have absolute values greater than one. If there is a {\it unit root}, then the ARMA process is nonstationary and behaves much like a random walk. The {\it explosive case} is when a root has an absolute value less than 1. \texttt{R}'s \texttt{auto.arima} function automatically selects an ARIMA model and \texttt{polyroot} function can be used to check if the roots of $1 - \hat\phi_1 x - \cdots - \hat\phi_p x^p$ have absolute values greater than 1.
\medskip
{\bf Unit root tests}. Unit root tests are used to decide if an \underline{\it AR model} has an absolute root equal to 1. Popular tests include
\smallskip
$\bullet$ The augmented Dickey-Fuller test (\texttt{adf.test} in \texttt{R}'s \texttt{tseries} package). The null hypothesis is that there is a unit root and the usual alternative is that the process is stationary but one can instead use the alternative that the process is explosive.
\smallskip
$\bullet$ The Phillips-Perron test (\texttt{pp.test} in \texttt{R}'s \texttt{tseries} package). It is similar to the ADF test.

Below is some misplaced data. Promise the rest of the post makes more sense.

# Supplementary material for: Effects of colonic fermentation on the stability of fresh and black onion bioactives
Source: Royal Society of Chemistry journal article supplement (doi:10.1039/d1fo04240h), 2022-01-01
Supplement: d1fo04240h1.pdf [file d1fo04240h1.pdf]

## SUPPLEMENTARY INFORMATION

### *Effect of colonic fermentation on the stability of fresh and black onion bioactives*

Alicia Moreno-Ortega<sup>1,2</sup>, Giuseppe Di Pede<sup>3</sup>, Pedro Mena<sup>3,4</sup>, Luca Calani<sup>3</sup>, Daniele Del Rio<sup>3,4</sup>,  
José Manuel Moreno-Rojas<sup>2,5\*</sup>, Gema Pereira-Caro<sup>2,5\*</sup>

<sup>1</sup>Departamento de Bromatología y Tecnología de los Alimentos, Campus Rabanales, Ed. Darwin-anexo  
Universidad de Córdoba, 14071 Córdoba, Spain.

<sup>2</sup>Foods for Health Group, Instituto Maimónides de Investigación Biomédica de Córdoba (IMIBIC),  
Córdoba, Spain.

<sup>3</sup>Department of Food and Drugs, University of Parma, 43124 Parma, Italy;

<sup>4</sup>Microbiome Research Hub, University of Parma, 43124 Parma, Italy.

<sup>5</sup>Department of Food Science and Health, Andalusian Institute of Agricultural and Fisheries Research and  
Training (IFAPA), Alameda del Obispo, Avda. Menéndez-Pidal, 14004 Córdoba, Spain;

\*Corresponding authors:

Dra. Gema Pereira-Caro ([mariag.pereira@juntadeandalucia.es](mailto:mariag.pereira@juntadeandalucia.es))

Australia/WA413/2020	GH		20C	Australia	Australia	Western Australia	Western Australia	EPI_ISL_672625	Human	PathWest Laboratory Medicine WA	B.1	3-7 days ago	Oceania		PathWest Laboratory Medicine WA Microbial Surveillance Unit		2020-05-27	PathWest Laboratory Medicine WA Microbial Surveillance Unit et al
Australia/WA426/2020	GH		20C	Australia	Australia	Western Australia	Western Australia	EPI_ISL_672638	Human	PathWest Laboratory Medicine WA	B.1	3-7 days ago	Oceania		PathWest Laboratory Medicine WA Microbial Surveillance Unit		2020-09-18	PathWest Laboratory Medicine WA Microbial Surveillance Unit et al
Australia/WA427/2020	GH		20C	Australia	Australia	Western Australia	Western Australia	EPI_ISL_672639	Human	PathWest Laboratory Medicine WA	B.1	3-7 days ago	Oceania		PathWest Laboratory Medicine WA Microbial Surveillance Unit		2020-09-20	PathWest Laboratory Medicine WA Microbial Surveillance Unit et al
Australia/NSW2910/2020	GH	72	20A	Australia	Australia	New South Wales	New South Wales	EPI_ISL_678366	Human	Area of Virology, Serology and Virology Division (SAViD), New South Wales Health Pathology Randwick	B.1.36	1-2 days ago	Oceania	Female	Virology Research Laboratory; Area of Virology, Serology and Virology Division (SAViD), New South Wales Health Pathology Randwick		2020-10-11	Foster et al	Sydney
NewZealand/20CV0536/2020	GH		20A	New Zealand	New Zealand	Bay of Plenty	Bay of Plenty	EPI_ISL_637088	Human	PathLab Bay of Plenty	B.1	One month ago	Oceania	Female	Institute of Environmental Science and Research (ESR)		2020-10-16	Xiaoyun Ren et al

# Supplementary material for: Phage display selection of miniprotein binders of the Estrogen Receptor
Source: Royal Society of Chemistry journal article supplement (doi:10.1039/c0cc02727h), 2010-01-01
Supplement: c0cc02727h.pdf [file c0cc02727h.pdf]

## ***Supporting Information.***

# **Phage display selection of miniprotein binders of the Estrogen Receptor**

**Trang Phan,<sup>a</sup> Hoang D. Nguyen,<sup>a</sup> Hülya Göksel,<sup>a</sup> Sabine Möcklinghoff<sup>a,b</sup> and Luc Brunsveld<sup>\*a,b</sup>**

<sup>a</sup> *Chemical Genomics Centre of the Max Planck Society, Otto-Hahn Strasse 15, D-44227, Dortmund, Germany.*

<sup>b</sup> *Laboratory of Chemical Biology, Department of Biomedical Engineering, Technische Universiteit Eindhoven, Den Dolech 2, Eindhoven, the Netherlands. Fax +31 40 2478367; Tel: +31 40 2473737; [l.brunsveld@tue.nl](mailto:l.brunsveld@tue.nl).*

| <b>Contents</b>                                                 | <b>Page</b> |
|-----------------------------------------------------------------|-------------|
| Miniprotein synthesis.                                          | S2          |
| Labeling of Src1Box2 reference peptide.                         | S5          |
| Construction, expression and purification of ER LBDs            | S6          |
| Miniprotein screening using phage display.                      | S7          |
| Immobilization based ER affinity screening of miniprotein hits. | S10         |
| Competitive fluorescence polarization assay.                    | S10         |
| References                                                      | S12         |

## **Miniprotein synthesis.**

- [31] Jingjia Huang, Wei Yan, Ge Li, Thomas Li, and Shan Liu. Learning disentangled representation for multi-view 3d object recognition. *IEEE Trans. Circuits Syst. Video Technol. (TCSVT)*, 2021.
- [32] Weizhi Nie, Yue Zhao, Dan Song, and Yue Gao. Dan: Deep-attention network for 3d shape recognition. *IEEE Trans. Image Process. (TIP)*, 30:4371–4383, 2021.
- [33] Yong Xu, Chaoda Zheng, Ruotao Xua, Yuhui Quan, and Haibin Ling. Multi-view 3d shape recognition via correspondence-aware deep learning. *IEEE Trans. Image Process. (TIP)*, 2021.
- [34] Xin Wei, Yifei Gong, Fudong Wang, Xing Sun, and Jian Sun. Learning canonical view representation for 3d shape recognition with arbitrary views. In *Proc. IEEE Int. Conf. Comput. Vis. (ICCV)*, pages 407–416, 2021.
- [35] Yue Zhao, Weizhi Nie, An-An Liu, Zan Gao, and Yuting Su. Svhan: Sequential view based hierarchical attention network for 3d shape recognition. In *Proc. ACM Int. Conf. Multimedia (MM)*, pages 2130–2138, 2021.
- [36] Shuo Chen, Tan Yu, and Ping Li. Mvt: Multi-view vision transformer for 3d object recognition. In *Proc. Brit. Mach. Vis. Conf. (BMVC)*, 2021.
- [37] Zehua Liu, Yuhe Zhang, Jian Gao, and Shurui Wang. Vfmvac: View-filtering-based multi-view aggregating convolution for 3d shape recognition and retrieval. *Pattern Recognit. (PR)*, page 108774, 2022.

\smallskip
$\bullet$ The KPSS test (\texttt{kpss.test} in \texttt{R}'s \texttt{tseries} package). The null hypothesis is stationarity and the alternative is a unit root, just opposite of the hypotheses for the Dickey-Fuller and Phillips-Perron tests.
\medskip
{\bf How Do Unit Root Tests Work?} The Dickey-Fuller test is based on the AR(1) model
\begin{eqnarray}\label{DF_test}
Y_t = \phi Y_{t-1} + \epsilon_t.
\end{eqnarray}
The null hypothesis ($H_0$) is $\phi=1$ and the alternative ($H_1$) is stationarity $\phi < 1$. Model (\ref{DF_test}) is equivalent to
\begin{eqnarray}\label{ADF_test}
\Delta Y_t = \pi Y_{t-1} + \epsilon_t
\end{eqnarray}
where $\pi = \phi -1$. Stated in terms of $\pi$, $H_0$ is $\pi = 0$ and $H_1$ is $\pi < 0$. The Dickey-Fuller test regresses $\Delta Y_t$ on $Y_{t-1}$ and tests $H_0$.